Cancer in Developing Countries: The Great Challenge for Oncology in the 21st Century

Cancer in Developing Countries: The Great Challenge for Oncology in the 21st Century

von: S. Tanneberger, F. Cavalli, F. Pannuti

W. Zuckschwerdt Verlag, 2004

ISBN: 9783886038305 , 188 Seiten

Format: PDF, OL

Kopierschutz: DRM

Windows PC,Mac OSX Apple iPad, Android Tablet PC's Online-Lesen für: Windows PC,Mac OSX,Linux

Preis: 33,99 EUR

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Cancer in Developing Countries: The Great Challenge for Oncology in the 21st Century


 

II.7
CanSupport:
Pioneering Domiciliary Palliative Care in Delhi
(p. 97-98)

Harmala Gupta and Inder Raj K. Grewal

II.7.1 Introduction

India is a vast and diverse country with a population that officially crossed the one billion mark on May 11, 2000 (1). Though India continues to be predominantly rural (in 1991 only 26% of the population lived in urban areas) the last couple of decades have seen a substantial growth of urban metropolises (cities with a population of several million) (2). Today Delhi is the third largest metropolis in India, after Mumbai and Calcutta and is growing rapidly (3). According to the most recent Census held in 2001, the population of Delhi has exceeded 13 million.

The demographic evolution of the city of Delhi, which is situated in North West India, owes as much to its geographical location as it does to its place in history. Delhi is situated at the heart of a tightly knit group of towns of various sizes, to the west of an immense, fertile and densely populated plain which stretches from the Pakistani frontier to the Gangetic Delta. This part of the Indo-Gangetic plain is constituted mainly by the Punjab, which was ‘partitioned’ between India and Pakistan at the time of Independence. The Indian side of the Punjab was later subdivided to form the states of Punjab and Haryana and it is to the south east of these that the National Capital Territory of Delhi is situated.

After Independence in 1947, Delhi became the capital of the newly formed Indian Union and faced a massive influx of population from the Pakistani part of Punjab soon after. This led to the spatial expansion of the city in all directions, including east of the Yamuna river. The urbanization of the rural hinterland, as well as the emergence of satellite towns that form a ring around the administrative limits of the National Capital Territory, are a result of this. However, Delhi continues to represent a classic model of population density gradients with high densities in the urban core and a sharp decline towards the periphery, In this connection, it is interesting to note, that though 54% of the total area of 1483 square kilometers of Delhi’s National Capital Territory is presently defined as rural, it is the urban areas of Delhi that still harbour 90% of its population (4).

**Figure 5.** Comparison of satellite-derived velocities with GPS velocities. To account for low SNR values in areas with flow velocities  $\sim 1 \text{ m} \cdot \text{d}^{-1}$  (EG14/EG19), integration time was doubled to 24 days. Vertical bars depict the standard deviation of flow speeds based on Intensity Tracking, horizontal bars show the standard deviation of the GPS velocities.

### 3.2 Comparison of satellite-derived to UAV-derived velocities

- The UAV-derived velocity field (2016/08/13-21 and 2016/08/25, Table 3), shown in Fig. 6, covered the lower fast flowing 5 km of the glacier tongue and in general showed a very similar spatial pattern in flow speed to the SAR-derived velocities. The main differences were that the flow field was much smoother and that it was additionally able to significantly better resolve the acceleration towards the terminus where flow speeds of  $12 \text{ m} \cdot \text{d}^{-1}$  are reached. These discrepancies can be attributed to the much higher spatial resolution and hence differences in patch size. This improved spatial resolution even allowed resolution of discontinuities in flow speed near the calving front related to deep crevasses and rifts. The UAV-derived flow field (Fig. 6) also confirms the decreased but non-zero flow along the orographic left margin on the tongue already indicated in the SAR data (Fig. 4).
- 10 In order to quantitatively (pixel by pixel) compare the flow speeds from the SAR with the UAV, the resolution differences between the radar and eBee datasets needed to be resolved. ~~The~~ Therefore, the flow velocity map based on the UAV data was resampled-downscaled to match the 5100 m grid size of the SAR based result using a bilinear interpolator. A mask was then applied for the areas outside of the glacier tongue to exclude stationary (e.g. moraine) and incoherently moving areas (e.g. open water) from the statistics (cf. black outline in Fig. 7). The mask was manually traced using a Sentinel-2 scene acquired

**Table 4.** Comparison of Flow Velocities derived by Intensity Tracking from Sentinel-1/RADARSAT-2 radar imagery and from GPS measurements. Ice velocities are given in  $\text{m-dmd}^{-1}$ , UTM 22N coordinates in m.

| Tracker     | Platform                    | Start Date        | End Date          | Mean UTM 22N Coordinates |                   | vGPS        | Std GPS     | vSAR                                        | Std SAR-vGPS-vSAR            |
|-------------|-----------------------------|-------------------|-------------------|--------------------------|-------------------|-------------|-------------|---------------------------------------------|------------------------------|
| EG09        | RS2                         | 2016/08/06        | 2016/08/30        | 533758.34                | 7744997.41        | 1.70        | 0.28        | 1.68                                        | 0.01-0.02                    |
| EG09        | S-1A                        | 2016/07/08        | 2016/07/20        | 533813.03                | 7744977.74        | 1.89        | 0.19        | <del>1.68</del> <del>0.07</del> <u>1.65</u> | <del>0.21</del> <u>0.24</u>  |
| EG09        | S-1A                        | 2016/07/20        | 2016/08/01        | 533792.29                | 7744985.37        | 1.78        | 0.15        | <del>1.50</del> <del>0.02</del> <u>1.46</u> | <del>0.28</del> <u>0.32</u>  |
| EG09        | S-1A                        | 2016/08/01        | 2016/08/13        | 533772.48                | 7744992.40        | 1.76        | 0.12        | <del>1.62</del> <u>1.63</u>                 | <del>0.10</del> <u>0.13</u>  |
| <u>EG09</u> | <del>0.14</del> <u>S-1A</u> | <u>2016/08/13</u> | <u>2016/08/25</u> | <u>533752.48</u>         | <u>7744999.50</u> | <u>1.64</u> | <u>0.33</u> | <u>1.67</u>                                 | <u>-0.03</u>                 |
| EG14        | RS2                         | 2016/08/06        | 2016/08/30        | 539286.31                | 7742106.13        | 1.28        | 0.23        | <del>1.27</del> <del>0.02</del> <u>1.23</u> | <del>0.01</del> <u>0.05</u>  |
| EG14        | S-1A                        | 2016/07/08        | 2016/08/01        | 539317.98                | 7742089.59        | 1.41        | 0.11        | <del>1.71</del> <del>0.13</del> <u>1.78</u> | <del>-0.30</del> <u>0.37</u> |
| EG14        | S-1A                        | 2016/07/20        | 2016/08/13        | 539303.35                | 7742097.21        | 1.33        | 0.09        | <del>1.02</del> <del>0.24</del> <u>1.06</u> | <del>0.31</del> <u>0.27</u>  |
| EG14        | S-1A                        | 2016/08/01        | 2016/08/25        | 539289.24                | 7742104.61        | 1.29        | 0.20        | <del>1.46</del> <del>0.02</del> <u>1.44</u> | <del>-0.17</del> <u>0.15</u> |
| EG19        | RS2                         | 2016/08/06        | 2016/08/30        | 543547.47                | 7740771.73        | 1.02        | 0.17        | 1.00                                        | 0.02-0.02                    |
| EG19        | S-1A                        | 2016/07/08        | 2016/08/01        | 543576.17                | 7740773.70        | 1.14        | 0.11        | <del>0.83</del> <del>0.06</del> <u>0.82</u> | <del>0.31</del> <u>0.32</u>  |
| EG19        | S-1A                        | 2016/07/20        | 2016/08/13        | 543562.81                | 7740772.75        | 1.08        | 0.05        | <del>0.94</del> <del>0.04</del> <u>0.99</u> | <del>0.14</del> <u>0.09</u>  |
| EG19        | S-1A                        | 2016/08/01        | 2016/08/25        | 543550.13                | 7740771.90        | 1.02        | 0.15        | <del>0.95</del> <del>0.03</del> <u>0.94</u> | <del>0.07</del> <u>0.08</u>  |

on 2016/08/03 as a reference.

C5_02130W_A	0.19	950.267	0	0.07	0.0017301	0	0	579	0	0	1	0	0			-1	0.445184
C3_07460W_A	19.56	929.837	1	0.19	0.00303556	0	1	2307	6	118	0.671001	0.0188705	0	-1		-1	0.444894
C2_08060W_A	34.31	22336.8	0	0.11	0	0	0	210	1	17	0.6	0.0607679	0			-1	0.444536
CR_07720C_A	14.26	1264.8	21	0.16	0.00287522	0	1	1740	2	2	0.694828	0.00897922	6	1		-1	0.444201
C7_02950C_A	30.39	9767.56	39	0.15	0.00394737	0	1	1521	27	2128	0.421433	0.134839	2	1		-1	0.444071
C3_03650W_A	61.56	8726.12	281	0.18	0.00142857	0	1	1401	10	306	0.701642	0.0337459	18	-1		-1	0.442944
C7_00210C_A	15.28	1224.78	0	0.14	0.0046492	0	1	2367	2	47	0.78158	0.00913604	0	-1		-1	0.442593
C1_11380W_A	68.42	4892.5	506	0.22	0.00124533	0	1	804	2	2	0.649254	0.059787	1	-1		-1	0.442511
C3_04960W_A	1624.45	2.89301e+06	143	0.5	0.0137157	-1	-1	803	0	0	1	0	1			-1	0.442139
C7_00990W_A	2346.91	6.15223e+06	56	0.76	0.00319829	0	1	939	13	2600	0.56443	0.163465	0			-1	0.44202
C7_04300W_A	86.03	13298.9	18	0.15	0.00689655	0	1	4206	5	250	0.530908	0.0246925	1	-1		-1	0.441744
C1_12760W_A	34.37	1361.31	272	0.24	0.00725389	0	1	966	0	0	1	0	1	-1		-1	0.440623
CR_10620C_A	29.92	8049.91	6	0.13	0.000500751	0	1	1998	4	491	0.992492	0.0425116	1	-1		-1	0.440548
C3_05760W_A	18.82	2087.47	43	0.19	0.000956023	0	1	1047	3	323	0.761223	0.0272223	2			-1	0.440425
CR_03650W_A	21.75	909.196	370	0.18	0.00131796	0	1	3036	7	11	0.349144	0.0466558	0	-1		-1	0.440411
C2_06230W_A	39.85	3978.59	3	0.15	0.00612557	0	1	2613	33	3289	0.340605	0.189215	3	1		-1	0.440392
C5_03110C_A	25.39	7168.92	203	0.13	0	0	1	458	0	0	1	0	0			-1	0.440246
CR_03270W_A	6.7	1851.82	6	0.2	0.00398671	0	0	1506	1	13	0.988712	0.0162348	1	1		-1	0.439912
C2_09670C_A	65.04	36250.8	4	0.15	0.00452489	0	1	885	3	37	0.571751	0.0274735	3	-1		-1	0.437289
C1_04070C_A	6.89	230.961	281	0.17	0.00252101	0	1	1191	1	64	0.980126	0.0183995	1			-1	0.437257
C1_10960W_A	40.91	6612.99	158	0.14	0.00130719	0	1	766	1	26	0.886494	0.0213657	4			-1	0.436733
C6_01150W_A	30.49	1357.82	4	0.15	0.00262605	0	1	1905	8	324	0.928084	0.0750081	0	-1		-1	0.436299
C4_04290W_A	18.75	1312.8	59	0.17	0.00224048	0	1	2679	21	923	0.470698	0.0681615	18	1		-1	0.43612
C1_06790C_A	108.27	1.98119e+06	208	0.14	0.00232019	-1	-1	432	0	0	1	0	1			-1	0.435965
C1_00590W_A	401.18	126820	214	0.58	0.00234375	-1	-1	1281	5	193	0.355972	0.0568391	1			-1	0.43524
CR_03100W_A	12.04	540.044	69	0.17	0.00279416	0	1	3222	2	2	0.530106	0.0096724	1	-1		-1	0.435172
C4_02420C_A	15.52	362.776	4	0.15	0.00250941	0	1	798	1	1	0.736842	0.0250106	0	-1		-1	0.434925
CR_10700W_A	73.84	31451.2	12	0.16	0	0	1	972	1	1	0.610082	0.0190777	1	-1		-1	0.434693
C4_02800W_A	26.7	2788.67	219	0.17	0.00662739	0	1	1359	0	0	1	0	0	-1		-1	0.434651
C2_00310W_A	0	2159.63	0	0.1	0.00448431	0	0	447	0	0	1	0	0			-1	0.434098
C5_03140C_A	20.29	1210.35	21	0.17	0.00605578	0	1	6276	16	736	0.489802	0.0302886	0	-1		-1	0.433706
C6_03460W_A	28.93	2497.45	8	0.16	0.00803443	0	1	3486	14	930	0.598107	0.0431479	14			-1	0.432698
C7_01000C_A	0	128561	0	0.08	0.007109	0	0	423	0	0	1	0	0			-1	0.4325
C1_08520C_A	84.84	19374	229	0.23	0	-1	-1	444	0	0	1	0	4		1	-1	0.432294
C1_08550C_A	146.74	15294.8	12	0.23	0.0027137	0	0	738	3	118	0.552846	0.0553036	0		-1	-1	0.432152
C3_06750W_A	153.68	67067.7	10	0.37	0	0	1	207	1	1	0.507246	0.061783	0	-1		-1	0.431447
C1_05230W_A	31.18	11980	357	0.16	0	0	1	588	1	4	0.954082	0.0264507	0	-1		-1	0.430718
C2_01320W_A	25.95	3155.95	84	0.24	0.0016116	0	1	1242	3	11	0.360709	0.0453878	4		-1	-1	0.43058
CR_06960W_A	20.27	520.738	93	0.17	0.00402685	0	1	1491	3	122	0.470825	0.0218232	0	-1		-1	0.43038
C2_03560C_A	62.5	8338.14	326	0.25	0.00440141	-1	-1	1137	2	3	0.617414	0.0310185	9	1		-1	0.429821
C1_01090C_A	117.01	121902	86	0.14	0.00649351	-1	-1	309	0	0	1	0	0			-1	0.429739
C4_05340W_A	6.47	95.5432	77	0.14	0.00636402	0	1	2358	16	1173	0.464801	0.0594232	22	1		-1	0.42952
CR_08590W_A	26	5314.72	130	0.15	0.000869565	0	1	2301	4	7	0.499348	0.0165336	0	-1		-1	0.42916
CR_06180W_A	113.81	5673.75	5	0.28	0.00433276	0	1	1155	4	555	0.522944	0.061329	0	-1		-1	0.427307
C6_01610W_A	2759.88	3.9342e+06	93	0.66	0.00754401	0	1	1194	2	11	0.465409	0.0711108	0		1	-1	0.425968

In the last two decades, there has been a concerted attempt by the Delhi Development Authority to move the population to the periphery. Their housing schemes have, however, been confined to the middle and upper middle classes with the result that large sections of the lower middle class have had to resort to illegal construction on agricultural land not officially authorized for this purpose, while the poor live in precarious squatter settlements known as jhuggi-jhonpris, to be found all over the city. In 1994, according to official estimates, about 481,000 fami lies lived in 1,080 jhuggi-jhonpri clusters, which varied in size from a dozen dwelling units to 12,000. They form about 25% of the total population of Delhi (5).

More recent migrants to the city have no option but to live in peripheral areas around Delhi, as most people cannot afford to buy property or pay the high rents within Delhi’s urban agglomeration (this excludes the rich who are moving out to live in luxurious "farm-houses" as a lifestyle choice). This, however, has not eased the in-migration flow into the centre of the city. It has, instead, intensified commuting between these areas and the metropolitan centre where most offices and businesses, and therefore employment opportunities, continue to be located. As a consequence, given the lack of a mass transit system in Delhi (only 9 km of a metro rail line have been constructed so far), there has been a massive increase in the number of vehicles on the road as people have invested in their own means of transportation or are ferried back and forth by private bus operators. In fact, it is estimated that today the number of vehicles on the roads of Delhi is more than the number of vehicles on the roads of Mumbai, Bangalore and Chennai put together. This has affected the quality of life within the city as pollution levels have soared, traffic jams have increased and flyovers are being constructed at all major intersections leading to further delays and traffic disruptions.